BERLIN (Reuters) - German ports are bracing for their trade to take a severe blow in the coming days as the coronavirus outbreak and related plunge in shipments from China compound a container shortage and push up transport costs in Europe’s largest economy.
Since ship deliveries from China to Germany take up to six weeks, the port of Hamburg, Germany’s largest trading hub, and smaller inland ports are only now beginning to feel the full impact of the COVID-19 virus, which has disrupted the container shipping trade and supply chains the world over.
“We’re currently bracing for the impact. It will hit us with full force from mid-March,” Axel Mattern, CEO of the Port of Hamburg Marketing, a business association that represents public and private sector entities of the harbour, told Reuters.
“The entire supply chains have been thrown completely off balance,” Mattern said. “In the course of the year, we expect container volumes to drop sharply due to the coronavirus.”
China is Germany’s biggest trading partner, with companies depending on both Chinese demand and supply chains. In Hamburg, more than a quarter of the 9,3 million TEU container units traded in 2019 came from or went to China.
This means that China has also become the Achilles heel of the German economy, with the port of Hamburg especially vulnerable. Trade volumes at the port are already down 40% due to the Chinese New Year festivities and a series of unusually heavy storms in February, according to Mattern.
“And this period of weakness has now been extended due to the coronavirus - and there is no end in sight. Nobody can say how long this weak phase will last,” he said.
There were some hopeful signs from China, where factories restarted in recent weeks.
“What we’re hearing from on site in Shanghai is that there are first signs of normalisation. In Shanghai, more than 50% of employees now go to work. But then again, this also shows that we’re still a long way from normal and a ‘business as usual’.”
The trade and supply chain problems are expected to send the economy into a recession in the first half of the year, increasing the pressure on Chancellor Angela Merkel’s government to come up with a large fiscal stimulus in the coming weeks.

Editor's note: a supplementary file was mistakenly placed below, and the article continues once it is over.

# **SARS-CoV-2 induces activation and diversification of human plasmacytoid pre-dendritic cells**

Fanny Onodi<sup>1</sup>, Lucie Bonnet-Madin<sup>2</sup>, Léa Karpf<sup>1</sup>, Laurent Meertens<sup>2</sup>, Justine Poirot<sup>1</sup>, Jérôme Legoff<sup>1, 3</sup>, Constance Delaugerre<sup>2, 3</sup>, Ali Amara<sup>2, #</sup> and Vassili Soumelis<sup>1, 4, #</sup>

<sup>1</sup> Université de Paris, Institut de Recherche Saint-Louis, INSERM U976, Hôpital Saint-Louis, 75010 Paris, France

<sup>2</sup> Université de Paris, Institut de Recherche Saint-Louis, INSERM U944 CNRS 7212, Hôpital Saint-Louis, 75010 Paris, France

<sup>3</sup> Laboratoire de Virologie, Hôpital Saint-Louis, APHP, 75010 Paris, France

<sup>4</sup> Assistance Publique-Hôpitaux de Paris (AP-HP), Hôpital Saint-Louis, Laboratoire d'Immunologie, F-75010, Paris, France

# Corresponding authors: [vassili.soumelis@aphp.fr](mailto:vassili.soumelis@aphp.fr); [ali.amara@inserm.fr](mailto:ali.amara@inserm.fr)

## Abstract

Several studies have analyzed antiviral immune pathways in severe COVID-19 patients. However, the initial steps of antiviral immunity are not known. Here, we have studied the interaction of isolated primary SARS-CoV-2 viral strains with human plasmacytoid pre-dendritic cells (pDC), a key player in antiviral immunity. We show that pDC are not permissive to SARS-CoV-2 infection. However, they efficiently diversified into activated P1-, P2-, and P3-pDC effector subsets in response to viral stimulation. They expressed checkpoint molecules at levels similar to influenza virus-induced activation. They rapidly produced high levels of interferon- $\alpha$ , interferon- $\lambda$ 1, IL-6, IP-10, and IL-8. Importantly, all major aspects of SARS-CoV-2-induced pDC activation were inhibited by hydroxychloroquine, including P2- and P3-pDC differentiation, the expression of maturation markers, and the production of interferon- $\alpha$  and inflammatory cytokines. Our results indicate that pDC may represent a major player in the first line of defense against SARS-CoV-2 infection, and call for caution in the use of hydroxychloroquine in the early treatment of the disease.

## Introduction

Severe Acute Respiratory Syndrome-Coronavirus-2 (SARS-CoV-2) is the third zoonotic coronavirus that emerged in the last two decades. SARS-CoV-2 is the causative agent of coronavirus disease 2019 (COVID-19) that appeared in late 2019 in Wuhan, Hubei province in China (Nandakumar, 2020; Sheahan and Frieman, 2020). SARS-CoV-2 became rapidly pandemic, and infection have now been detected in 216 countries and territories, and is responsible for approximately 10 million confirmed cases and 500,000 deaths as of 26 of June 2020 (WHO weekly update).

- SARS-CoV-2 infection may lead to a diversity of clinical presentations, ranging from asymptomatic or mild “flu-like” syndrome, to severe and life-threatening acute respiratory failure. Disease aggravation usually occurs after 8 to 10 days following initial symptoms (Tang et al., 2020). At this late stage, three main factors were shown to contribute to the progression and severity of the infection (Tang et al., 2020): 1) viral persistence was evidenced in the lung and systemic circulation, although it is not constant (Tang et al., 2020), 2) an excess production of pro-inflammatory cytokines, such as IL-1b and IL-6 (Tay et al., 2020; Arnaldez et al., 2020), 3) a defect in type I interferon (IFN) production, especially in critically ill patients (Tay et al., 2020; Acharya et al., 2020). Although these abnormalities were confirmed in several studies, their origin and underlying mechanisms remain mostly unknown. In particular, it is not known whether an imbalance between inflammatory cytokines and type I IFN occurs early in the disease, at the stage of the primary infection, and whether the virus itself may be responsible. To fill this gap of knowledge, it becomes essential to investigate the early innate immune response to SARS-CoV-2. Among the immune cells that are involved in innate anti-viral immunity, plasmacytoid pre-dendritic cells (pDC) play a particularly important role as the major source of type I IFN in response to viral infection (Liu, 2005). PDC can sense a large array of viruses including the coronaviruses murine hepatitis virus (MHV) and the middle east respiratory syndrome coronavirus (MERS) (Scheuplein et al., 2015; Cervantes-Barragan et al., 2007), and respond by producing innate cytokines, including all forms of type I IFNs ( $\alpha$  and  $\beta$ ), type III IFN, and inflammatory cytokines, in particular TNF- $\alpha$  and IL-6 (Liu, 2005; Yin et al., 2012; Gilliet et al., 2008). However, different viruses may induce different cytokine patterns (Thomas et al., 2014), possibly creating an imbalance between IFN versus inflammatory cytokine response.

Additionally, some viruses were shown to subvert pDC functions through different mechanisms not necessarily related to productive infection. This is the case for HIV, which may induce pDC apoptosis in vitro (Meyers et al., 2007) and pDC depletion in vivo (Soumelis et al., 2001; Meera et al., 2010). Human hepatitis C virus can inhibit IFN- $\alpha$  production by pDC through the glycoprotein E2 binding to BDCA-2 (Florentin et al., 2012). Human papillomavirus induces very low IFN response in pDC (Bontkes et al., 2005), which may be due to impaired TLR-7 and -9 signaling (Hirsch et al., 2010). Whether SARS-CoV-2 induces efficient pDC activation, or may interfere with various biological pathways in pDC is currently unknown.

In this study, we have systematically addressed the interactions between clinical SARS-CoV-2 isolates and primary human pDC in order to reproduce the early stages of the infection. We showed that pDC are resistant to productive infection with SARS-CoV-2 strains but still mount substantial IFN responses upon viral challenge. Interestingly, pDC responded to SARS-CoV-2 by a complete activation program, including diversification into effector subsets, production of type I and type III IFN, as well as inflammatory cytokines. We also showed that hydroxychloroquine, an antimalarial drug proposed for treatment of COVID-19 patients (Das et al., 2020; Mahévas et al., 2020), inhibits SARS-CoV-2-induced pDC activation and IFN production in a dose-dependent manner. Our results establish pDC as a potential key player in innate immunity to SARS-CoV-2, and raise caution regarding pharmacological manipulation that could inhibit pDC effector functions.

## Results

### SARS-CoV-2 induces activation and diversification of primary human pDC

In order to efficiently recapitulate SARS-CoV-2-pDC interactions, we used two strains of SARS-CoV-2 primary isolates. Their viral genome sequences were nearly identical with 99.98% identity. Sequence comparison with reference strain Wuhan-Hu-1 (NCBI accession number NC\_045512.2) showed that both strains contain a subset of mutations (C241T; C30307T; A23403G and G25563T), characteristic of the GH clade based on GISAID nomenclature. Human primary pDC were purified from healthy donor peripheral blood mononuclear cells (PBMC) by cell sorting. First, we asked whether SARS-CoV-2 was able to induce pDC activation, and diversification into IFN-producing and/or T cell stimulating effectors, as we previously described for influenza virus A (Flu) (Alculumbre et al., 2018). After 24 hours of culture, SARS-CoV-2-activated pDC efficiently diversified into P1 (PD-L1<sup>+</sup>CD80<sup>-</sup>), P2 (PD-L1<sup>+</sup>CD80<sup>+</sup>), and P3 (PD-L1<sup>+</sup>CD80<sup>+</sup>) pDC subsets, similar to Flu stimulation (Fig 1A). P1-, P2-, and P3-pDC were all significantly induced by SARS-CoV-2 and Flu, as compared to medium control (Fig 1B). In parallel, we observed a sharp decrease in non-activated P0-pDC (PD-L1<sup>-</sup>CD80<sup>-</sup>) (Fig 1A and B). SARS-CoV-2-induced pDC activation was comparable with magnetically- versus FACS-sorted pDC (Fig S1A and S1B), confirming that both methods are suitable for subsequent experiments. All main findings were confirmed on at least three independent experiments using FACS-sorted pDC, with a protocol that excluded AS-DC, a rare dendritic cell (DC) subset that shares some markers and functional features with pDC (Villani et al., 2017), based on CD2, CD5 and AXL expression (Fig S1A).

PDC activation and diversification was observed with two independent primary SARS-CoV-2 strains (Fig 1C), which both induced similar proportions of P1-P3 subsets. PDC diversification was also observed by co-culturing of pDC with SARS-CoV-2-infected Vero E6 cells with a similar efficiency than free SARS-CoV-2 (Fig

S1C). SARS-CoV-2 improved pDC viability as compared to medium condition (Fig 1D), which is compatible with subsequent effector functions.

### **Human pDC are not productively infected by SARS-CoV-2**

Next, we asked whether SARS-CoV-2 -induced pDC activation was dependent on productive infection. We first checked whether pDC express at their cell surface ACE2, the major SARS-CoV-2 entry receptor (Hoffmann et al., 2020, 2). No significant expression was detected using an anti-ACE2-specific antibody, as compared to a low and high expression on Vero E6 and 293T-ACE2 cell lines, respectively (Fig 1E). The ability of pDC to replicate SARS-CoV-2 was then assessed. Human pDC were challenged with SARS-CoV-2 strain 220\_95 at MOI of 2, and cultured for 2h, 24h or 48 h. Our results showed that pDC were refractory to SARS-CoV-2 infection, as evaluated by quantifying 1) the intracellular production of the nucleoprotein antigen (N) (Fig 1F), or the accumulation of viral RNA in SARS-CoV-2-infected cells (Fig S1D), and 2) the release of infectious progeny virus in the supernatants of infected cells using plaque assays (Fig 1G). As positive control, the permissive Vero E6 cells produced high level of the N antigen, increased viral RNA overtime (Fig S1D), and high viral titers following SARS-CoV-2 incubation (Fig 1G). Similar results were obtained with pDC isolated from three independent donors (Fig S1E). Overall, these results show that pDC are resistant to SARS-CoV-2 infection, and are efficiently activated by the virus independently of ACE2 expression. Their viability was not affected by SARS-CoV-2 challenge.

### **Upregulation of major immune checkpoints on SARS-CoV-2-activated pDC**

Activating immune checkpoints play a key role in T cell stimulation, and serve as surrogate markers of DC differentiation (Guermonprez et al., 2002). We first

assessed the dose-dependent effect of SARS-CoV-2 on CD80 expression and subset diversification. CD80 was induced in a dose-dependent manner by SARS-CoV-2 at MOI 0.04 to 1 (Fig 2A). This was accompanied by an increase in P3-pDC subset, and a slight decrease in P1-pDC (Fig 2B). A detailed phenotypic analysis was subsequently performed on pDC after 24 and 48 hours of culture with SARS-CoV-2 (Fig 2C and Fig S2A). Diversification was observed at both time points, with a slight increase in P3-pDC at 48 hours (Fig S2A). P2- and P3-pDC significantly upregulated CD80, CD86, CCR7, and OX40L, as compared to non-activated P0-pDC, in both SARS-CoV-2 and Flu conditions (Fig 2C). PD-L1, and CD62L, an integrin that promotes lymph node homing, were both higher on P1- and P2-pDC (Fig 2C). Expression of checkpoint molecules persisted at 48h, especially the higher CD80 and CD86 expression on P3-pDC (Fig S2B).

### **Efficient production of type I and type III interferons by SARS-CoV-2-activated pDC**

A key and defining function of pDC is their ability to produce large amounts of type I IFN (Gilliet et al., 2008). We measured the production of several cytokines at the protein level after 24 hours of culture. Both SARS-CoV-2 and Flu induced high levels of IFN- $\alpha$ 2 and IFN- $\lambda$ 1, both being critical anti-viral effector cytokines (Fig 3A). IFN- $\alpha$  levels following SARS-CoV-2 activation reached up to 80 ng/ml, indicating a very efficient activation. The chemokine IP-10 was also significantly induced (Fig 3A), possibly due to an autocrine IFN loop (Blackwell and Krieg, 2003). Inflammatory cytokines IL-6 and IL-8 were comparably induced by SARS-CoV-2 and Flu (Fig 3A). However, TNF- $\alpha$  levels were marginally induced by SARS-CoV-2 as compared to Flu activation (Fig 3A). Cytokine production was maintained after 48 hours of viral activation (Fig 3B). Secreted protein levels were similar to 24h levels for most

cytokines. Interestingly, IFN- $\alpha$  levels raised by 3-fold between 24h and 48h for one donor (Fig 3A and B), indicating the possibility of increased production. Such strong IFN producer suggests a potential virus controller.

Economy Minister Peter Altmaier said on Tuesday he expected supply chains to be impacted especially in the industrial sector and that the full extent of the disruptions would become visible gradually over the next weeks.
Shipping firms are also deeply impacted by the coronavirus outbreak. German container shipping line Hapag-Lloyd (HLAG.DE) said it was forced to reduce shipments in February through blank sailings, meaning that some vessels skipped ports or even entire routes were cancelled.
Shipping giant Maersk (MAERSKb.CO) warned last month that the coronavirus outbreak would weigh on earnings this year, compounding the woes of a container shipping industry already subdued by trade wars and an economic slowdown.
The decline in shipping traffic to and from China has led to a shortage of empty containers in Germany.
“I have just spoken to an important customer from the greater Hamburg area. They just can’t get hold of containers anymore,” Mattern said. “If you currently want to ship a container, you have to expect higher prices.”
At the port in Duisburg, Europe’s biggest inland harbour and one of its biggest hubs for freight trains from China, the coronavirus outbreak is also expected to push down trade volumes.
As part of China’s belt-and-road initiative, there are normally 35 freight trains per week connecting Duisburg in the western Ruhr area directly with destinations in China.
But the number of freight trains has dropped after Chinese authorities cordoned off large cities affected by the virus, said a spokeswoman of Duisport, the local port operator, without giving further details.
Duisport CEO Erich Staake said in a statement that the spread of the coronavirus had already led to significant drops in trading volumes in the global transport industry.
“The negative impact on sales revenues and earnings will be noticeable in the entire industry and also in the business numbers.”
Reporting by Michael Nienaber; Editing by Raissa Kasolowsky